With a slogan like that, it is pretty clear that the Tupelo Running Club means business, and cowards need not apply. Everything about this race – from the skull and crossbones surrounded by red roses on the tee shirt and medal to the candid responses from the race director to the dedicated cadre of volunteers – is meticulously thought out and well-done. So, how could I resist putting this marathon on my bucket list? Well, the truth is, I couldn’t. So, on Friday morning, September 3, I boarded the first of three planes on my way to Tupelo, MS, to experience this iconic race for myself. It definitely lived up to its reputation.
I arrived at the small regional airport in Tupelo around 3:30 pm. Phil Min, fellow Darksider and Marathon Maniac, had offered to pick me up at the airport and take me to packet pickup at the Trails and Treads running store on the way to our hotels. He was a gem, not only driving me to the race start on Saturday morning but also patiently waiting for me to finish the race so he could give me a lift back. Thank you, Phil, for going above and beyond – I do appreciate it. There was also a Maniac dinner on Saturday evening at Vanelli’s, a local restaurant, but I was beat and just wanted to wind down and go to sleep. Since I bring my own bread and peanut butter for my pre-race dinner and breakfast, I don’t usually eat out the night before a race, I hope to attend a Maniac meal some day, but this was not the time. Fatigue won out and I was asleep by 7. My alarm was set for 3 am; I awoke just before it went off and ate, dressed, and met Phil outside my Hampton Inn hotel at 4:15. It was a short drive to the starting point, the Mississippi Complex of the Tupelo Furniture Market. This was also the finish line, making it a convenient place to park.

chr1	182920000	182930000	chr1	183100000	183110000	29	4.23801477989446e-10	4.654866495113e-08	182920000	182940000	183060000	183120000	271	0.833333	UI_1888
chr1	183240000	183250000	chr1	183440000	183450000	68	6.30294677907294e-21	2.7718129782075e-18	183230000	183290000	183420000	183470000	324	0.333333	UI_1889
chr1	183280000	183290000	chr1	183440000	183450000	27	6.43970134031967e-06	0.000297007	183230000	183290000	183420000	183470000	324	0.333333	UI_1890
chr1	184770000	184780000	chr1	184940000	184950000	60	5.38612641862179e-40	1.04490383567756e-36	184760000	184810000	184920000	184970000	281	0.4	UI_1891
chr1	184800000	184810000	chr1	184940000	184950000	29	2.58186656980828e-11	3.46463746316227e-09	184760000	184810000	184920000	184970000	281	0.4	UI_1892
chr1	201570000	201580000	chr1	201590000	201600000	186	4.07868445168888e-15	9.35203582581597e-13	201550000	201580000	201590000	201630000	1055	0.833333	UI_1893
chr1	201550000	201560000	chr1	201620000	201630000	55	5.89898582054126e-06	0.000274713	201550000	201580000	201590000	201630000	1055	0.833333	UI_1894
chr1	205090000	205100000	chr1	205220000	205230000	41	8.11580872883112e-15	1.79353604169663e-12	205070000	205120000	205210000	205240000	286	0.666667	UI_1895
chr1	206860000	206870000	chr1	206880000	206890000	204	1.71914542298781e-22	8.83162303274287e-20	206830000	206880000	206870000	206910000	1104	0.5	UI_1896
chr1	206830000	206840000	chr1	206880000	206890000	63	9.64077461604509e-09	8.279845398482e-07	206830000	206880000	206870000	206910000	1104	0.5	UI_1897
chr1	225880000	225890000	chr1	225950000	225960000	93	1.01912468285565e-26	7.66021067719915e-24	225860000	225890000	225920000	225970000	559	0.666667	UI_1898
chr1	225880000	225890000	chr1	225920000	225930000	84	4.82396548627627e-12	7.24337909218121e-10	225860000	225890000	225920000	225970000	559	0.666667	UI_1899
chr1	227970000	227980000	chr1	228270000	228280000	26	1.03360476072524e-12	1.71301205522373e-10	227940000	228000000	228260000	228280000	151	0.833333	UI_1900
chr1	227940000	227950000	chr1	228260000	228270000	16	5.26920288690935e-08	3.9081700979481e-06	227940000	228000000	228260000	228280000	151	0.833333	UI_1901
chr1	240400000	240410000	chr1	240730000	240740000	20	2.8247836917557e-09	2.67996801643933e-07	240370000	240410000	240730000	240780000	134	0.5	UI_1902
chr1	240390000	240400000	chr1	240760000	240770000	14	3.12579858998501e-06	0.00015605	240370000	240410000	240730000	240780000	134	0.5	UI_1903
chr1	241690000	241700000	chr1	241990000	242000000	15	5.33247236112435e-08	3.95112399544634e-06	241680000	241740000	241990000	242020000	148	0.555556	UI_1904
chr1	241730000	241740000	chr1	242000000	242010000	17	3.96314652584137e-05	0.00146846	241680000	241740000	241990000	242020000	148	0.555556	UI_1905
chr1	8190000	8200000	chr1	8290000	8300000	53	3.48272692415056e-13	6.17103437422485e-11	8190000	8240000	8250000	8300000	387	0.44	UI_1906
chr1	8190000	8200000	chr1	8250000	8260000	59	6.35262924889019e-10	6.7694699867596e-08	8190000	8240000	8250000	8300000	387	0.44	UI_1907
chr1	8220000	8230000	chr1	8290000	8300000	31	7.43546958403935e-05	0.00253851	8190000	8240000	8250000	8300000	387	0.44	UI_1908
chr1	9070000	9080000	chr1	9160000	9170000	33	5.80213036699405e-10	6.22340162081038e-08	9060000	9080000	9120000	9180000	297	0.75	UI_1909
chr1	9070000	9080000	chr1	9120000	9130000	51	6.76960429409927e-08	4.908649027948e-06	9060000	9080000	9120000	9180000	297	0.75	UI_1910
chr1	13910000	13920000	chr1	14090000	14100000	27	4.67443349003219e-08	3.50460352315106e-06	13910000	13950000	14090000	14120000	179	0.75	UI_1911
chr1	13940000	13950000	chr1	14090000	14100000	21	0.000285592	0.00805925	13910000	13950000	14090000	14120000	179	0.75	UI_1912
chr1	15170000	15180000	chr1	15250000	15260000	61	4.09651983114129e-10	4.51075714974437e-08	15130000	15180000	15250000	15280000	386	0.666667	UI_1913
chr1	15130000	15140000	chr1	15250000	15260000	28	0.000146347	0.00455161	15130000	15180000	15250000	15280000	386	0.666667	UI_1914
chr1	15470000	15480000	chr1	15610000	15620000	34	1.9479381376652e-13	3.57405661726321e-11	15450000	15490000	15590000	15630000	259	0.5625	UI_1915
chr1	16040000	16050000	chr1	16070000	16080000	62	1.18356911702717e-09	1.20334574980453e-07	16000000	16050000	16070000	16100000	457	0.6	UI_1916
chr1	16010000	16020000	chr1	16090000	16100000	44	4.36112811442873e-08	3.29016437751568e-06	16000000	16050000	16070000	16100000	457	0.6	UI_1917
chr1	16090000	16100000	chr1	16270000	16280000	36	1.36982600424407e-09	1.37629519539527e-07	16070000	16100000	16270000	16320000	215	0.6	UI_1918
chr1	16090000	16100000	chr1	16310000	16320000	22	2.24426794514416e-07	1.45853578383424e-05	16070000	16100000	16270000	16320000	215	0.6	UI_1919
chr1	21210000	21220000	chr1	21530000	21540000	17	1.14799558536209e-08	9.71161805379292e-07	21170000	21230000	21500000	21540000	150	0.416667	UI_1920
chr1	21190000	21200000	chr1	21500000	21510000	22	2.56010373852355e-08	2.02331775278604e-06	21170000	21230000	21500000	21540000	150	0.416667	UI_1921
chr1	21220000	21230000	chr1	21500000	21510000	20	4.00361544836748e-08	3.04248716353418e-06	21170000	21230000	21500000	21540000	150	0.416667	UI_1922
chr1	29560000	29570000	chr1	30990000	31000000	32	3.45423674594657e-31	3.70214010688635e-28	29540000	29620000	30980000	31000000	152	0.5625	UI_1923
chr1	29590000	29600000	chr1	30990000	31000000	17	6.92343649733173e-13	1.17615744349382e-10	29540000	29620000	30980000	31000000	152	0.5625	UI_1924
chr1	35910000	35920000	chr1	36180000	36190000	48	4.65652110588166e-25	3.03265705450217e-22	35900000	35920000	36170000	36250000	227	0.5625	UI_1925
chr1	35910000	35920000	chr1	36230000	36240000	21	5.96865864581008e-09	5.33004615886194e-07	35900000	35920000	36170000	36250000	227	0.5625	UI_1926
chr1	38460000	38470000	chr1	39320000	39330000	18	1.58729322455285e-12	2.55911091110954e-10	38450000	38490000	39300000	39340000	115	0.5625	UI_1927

The race began at 5 am on the dot. It was dark, of course, but a number of people brought flashlights (I had a small one) and there were some street and house lights to help illuminate the roads. The course is a circular out-and-back along country roads and residential neighborhoods. For those who chose to do the 14.2 mile race, the course continued straight on to the Furniture Mart, while those of us doing the entire marathon went as far as the turn-around point at the 13 mile marker and then reversed our steps back to the Mart. Highlights of the course for me – listening to roosters crowing and dogs barking, watching horses rolling around in the pastures near the road, jumping over intriguing roadkill (armadillos, possum, snake, frog), and chatting with the friendly people, most of whom passed me, but not without a kind word or two. Because of the out and back nature of the course, those of us at the rear were able to see and cheer on the front runners coming back towards the finish line. Altitude is not a problem but the course does have some rolling hills (which I like, because the change is good for my legs and feet); there were not many hills and they were not very steep, but they can certainly be felt, especially on the way back. The roads are not closed to traffic and the shoulder is narrow, but I found that most vehicles were extremely respectful of racers and gave us a wide berth. Traffic was not very heavy, mostly people heading to or leaving church, and not really a problem. Tupelo police were a visible presence, with several police cars watching over the racers and keeping an eye on things.